• PU elastomer is often used for textile fibers. These fibers are not necessarily made from 100% polyurethane. Polyurethane is also used as microfoam for breathable membranes for rainwear.
• Due to their excellent mechanical properties, certain polyurethanes are suitable for applications that require high wear resistance . So z. B. when transporting bulk goods through polyurethane hoses, or as a protective layer in pipes and pipe bends. It is also used as a sheathing for electrical cables (e.g. extension cables), for example in the popular H07BQ-F cable.
• Another more special industrial processing spectrum can be found in prototype and sample construction as well as in the foundry industry . Here products made of polyurethane are used to manufacture models and tools of all kinds, but also series parts.
• Polyurethane is used as a filler in the manufacture of multifilament tennis strings .
• Modern footballs (e.g. Roteiro) are made entirely of polyurethane.
• The outer shell of a bowling ball is made of polyurethane.
• High-quality rubber boots are now also often made of polyurethane, as they are much lighter and more elastic at low temperatures than those made of PVC. In addition, the foamed polyurethane offers far better insulation against the cold.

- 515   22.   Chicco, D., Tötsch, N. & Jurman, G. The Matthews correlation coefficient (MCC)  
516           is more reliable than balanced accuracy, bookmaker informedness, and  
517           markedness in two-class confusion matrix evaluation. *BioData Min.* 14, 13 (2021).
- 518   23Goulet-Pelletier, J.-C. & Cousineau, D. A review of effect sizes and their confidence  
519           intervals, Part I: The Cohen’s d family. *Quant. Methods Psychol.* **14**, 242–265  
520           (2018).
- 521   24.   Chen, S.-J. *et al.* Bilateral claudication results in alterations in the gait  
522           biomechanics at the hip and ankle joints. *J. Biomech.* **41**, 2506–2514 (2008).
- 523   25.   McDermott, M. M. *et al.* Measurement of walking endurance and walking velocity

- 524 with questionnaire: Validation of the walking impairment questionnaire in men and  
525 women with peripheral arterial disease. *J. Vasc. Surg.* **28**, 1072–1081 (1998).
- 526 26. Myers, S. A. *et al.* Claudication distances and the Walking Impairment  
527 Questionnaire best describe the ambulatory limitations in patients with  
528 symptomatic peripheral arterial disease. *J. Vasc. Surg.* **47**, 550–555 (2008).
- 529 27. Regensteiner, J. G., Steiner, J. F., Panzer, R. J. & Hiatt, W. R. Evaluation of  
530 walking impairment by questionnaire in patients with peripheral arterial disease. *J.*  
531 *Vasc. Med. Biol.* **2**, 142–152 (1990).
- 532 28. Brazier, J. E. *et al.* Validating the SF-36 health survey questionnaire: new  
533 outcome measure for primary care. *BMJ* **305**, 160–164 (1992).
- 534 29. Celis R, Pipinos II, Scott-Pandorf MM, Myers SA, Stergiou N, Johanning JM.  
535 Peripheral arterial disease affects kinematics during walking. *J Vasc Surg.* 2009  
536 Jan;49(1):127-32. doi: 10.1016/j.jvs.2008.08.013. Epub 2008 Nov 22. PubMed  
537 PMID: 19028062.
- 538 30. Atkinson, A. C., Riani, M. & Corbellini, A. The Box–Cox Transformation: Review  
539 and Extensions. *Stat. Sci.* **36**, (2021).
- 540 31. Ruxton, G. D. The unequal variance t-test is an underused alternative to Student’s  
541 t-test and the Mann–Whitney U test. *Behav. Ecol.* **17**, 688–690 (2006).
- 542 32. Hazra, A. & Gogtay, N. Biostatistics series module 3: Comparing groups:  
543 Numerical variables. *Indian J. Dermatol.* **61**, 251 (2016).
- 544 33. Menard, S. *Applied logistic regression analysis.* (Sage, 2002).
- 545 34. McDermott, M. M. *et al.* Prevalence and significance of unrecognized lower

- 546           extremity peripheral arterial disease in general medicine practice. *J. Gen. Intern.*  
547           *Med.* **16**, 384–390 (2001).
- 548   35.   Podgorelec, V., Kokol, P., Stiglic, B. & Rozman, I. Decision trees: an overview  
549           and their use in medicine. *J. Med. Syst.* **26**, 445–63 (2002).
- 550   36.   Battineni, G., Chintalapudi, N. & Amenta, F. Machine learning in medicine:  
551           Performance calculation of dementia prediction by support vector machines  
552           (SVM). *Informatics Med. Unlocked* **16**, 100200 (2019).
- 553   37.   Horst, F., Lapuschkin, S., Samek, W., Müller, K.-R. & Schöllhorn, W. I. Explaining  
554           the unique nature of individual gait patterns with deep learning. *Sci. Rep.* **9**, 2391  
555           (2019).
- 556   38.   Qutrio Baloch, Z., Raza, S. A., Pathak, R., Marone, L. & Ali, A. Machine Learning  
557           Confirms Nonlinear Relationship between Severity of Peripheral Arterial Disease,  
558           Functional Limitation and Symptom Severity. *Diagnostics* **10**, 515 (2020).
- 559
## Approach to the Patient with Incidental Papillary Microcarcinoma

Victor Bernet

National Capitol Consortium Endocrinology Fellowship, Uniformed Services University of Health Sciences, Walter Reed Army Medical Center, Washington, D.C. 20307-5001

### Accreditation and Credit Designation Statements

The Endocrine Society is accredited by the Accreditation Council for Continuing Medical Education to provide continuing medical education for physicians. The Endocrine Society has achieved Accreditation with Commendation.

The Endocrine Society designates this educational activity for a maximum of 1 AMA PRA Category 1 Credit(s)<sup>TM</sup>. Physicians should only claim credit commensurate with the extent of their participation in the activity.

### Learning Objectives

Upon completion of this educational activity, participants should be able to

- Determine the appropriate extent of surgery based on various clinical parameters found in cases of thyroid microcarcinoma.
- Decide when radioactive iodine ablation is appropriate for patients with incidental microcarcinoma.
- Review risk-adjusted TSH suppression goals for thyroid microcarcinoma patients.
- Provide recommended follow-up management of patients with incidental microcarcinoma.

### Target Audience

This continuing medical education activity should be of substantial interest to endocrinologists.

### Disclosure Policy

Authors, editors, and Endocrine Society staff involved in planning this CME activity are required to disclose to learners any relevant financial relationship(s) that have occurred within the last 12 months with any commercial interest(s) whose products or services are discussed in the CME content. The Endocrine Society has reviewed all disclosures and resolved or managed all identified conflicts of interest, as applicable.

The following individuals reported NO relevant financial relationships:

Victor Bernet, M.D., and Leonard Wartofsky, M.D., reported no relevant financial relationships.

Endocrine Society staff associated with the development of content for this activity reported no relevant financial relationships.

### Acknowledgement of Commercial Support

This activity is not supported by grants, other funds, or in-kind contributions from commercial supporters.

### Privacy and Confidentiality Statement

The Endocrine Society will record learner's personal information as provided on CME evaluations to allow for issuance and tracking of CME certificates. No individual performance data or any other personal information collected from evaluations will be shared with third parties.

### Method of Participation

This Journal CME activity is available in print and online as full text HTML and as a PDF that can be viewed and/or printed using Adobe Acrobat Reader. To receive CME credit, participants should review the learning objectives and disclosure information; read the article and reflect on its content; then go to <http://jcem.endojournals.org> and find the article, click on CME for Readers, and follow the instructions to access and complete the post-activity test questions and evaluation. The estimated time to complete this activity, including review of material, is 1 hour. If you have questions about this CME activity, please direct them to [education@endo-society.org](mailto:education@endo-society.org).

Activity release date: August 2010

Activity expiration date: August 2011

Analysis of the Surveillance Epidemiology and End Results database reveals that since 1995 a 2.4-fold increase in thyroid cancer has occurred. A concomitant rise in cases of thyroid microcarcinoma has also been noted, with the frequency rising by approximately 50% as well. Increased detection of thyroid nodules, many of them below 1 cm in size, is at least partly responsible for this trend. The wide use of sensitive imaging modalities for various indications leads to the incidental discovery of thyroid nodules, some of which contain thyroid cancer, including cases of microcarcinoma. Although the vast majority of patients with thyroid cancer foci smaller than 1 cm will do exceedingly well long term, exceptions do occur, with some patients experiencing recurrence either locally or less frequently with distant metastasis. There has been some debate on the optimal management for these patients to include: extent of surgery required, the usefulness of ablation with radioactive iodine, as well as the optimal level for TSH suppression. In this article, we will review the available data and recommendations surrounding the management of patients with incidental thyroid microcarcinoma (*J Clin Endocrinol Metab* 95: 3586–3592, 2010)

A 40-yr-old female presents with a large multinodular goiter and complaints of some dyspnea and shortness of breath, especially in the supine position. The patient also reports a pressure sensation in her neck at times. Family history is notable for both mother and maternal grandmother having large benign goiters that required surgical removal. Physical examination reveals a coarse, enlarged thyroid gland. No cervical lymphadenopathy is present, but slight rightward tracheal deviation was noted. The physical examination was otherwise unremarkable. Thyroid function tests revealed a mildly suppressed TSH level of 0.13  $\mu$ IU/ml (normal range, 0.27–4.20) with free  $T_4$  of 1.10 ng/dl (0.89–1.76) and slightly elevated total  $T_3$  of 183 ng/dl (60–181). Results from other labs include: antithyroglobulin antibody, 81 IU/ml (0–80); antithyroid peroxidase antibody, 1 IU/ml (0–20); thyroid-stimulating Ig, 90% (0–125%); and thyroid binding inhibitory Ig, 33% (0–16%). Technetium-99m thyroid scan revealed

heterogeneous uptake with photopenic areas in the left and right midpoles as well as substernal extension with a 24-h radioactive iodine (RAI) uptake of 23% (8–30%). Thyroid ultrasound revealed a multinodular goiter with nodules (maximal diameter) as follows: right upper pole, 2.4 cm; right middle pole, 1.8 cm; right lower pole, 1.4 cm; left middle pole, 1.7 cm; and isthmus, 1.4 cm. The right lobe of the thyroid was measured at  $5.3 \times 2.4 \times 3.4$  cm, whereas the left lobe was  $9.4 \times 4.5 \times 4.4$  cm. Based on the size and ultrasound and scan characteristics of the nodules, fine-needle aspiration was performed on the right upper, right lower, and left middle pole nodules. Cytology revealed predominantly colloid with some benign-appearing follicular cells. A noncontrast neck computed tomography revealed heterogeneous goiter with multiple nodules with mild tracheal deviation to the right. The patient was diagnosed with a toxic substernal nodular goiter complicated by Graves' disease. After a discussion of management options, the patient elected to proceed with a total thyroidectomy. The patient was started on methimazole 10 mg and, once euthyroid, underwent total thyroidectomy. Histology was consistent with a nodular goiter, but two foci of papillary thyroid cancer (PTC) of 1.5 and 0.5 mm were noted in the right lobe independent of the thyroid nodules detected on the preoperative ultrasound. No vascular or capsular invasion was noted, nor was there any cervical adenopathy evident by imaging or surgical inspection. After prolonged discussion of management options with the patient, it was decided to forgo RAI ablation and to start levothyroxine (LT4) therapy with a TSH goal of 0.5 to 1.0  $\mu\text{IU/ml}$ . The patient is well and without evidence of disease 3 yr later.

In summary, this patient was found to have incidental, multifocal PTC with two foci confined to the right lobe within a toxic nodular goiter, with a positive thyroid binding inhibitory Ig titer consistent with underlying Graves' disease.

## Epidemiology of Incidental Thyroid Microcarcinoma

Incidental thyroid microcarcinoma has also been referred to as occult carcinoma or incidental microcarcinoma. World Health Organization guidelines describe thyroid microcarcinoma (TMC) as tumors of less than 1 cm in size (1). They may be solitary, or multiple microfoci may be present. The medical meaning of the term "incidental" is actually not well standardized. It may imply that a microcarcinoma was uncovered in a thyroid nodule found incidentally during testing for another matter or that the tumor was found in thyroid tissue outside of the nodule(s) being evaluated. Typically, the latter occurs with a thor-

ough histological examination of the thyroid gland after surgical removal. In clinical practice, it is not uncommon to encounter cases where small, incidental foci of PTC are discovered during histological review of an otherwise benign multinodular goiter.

• Condoms / condoms without latex are made of polyurethane. These are thinner and should be more "feeling" and are well tolerated by people with latex allergies. Compared to the usual latex condoms, however, they are often more expensive (as of early 2011). PUR is stronger, but less flexible than latex.
• It is used more and more often as a coating for silicone implants because the tissue bonds well with it.
• The first production vehicle with a complete polyurethane body is the Artega GT .
• Many process steps are necessary for the manufacture of semiconductor wafers . In order to ensure an even surface, the wafers are repeatedly polished in the meantime (see CMP, chemical mechanical polishing). In most cases, the polishing plate consists of a polyurethane-coated plastic. Small polishing particles that are placed between the polishing pad and the wafer ensure abrasion.
• In the manufacturing jewelry industry, PU is used as an insert for various chains (neck, hand and ankle chains), which creates a special look.
• The running surfaces of inline skates, skateboard rollers and roller coasters are made of PU, some of them are also made of conveyor belts and conveyor belts. The PU largely determines the running properties of the rollers.
• Bushings of skateboard axles are also made of PU.
• Shoe soles and standing mats in the health sector. PU makes them soft and elastic.
• One of the two components of the Alcantara imitation leather .
• In cosmetics as a component of color cosmetics, skin care, hair care and sun protection products.

• Block material : NECURON, obomodulan, Ureol, Raku-Tool, RenShape
• Sealing compound: Betamate, Sikaflex, Dymonic NT, Raku Pur
• Fibers : Elastane (Spandex), Lycra, Dorlastan
• Rigid foams : steinothan, BauderPIR, Baytherm, Baydur, Elastolit
• Adhesives : Baycoll, Beli-Zell, Desmocoll, Sikaflex, Gorilla Glue, Delo-Pur
• Cosmetics: Baycusan ( microplastic )